Computational fluid dynamics simulation of precipitation processes

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2004-01-01
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Wang, Liguang
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Rodney O. Fox
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Chemical and Biological Engineering

The function of the Department of Chemical and Biological Engineering has been to prepare students for the study and application of chemistry in industry. This focus has included preparation for employment in various industries as well as the development, design, and operation of equipment and processes within industry.Through the CBE Department, Iowa State University is nationally recognized for its initiatives in bioinformatics, biomaterials, bioproducts, metabolic/tissue engineering, multiphase computational fluid dynamics, advanced polymeric materials and nanostructured materials.

History
The Department of Chemical Engineering was founded in 1913 under the Department of Physics and Illuminating Engineering. From 1915 to 1931 it was jointly administered by the Divisions of Industrial Science and Engineering, and from 1931 onward it has been under the Division/College of Engineering. In 1928 it merged with Mining Engineering, and from 1973–1979 it merged with Nuclear Engineering. It became Chemical and Biological Engineering in 2005.

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1913 - present

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  • Department of Chemical Engineering (1913–1928)
  • Department of Chemical and Mining Engineering (1928–1957)
  • Department of Chemical Engineering (1957–1973, 1979–2005)
    • Department of Chemical and Biological Engineering (2005–present)

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Abstract

First, an experimental and computational investigation of the effects of local fluid shear rate on the aggregation and breakage of ~10 mum latex spheres suspended in an aqueous solution undergoing laminar and turbulent Taylor-Couette flow was carried out, according to the following program. First, computational fluid dynamics (CFD) simulations were performed and the flow field predictions were validated with data from particle image velocimetry experiments. Subsequently, the quadrature method of moments (QMOM) was implemented into the CFD code to obtain predictions for mean particle size that account for the effects of local shear rate on the aggregation and breakage. These predictions were then compared with experimental data for latex sphere aggregates (using an in-situ optical imaging method) and with predictions using spatial average shear rates. The mean particle size evolution predicted by CFD and QMOM using appropriate kinetic expressions that incorporate information concerning the particle morphology (fractal dimension) and the local fluid viscous effects on aggregation collision efficiency matches well with the experimental data. Second, CFD simulation of turbulent reactive precipitation in a poorly micromixed plug-flow reactor has been investigated in this work. The predictions of multi-environment and transported PDF models are compared. For the first time, DQMOM is formulated and applied to approximate the composition PDF transport equation. When properly chosen, the resulting DQMOM correction terms enforce agreement between selected lower-order moments of the mixture-fraction PDF and the exact moment transport equations. Likewise, for reacting scalars, the multi-environment PDF model provides a closure for the chemical source term, and the DQMOM correction terms enforce the correct behave of the lower-order moments under the influence of turbulent diffusivity. Results for reactive precipitation show that the DQMOM-IEM model agrees closely with a transported PDF model. Since the multi-environment PDF model is much less computationally intensive than the transported PDF model, it is easy and extremely promising to couple the simple Eulerian-based multi-environment PDF models with a commercial CFD code for realistic industrial problems. Third, a novel algorithm, in-situ adaptive tabulation, has been implemented in a CFD code for the integration of reactive precipitation. A speed-up of ~10 was achieved.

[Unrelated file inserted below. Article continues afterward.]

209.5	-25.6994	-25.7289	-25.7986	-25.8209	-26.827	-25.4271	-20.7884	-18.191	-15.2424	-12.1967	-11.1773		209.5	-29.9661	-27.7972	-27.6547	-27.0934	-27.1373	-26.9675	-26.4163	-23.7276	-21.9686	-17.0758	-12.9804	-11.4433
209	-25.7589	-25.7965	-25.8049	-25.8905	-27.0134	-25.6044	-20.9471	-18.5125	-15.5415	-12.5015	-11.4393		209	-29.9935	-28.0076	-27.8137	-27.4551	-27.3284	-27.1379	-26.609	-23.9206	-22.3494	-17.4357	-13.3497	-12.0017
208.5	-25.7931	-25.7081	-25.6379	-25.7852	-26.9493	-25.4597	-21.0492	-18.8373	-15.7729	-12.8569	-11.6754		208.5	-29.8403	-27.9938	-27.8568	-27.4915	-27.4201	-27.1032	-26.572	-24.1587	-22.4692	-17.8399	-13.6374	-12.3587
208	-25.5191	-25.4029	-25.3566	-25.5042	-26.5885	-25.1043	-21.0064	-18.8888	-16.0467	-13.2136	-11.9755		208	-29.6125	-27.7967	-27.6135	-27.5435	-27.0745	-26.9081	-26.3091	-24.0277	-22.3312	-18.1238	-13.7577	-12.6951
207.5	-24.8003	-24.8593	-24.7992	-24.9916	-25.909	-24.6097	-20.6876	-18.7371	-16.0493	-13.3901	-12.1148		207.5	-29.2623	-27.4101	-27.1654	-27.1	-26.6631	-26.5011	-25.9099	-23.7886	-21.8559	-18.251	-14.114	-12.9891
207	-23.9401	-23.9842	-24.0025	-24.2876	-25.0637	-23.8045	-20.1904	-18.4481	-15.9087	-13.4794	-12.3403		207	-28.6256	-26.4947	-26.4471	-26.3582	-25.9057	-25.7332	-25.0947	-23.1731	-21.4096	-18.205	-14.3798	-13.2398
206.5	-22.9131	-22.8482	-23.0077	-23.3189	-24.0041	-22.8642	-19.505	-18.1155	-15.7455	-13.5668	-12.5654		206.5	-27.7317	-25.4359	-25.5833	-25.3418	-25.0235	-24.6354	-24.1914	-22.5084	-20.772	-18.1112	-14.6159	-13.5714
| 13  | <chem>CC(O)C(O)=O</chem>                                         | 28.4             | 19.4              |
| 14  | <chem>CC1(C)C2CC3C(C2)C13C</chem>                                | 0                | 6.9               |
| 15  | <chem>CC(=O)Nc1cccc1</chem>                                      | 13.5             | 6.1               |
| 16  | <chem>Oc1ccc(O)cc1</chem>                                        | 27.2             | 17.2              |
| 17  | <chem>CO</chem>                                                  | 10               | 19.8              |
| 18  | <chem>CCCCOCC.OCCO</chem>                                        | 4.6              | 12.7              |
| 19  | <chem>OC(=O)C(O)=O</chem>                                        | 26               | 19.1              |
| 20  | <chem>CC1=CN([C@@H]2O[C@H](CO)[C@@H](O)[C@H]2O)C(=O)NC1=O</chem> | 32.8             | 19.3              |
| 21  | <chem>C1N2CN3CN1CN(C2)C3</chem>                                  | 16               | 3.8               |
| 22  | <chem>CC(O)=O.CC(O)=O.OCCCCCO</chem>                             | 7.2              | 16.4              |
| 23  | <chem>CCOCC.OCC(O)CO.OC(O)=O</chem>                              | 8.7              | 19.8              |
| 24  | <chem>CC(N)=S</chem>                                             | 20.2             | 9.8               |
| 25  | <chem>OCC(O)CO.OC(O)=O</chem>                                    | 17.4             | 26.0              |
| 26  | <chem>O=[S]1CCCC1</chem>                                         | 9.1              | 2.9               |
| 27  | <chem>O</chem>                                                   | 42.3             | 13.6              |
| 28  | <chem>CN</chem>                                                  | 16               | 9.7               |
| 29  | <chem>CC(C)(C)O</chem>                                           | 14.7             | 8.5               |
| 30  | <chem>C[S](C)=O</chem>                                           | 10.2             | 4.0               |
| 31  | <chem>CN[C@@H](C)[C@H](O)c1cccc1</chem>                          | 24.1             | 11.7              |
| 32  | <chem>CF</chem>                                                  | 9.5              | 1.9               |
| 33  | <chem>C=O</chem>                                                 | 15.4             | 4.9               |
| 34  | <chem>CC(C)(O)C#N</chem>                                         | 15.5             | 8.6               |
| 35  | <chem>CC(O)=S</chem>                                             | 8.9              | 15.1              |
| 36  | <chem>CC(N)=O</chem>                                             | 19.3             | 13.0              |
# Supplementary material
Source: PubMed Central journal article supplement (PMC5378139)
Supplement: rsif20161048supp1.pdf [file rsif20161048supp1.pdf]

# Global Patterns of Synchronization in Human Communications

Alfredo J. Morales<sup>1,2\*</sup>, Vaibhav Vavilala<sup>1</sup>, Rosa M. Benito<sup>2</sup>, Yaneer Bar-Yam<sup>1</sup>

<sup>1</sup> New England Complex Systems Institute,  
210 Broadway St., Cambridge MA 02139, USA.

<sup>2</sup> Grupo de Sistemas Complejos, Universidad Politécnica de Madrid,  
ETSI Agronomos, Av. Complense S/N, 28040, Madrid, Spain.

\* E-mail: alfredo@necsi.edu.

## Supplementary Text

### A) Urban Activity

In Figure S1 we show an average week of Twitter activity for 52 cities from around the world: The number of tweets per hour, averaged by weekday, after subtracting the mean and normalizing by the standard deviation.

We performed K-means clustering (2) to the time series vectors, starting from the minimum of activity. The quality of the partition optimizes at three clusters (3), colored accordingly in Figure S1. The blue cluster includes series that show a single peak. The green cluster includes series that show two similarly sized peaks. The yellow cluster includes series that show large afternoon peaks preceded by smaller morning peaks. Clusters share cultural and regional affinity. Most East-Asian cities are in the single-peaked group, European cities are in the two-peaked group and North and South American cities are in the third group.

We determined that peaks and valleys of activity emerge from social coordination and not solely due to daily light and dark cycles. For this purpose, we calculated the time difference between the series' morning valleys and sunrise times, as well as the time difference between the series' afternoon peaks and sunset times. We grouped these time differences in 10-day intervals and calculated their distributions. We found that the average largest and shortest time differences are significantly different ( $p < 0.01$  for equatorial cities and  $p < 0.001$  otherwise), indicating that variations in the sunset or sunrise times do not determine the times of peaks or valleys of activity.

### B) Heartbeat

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Thu Jan 01 00:00:00 UTC 2004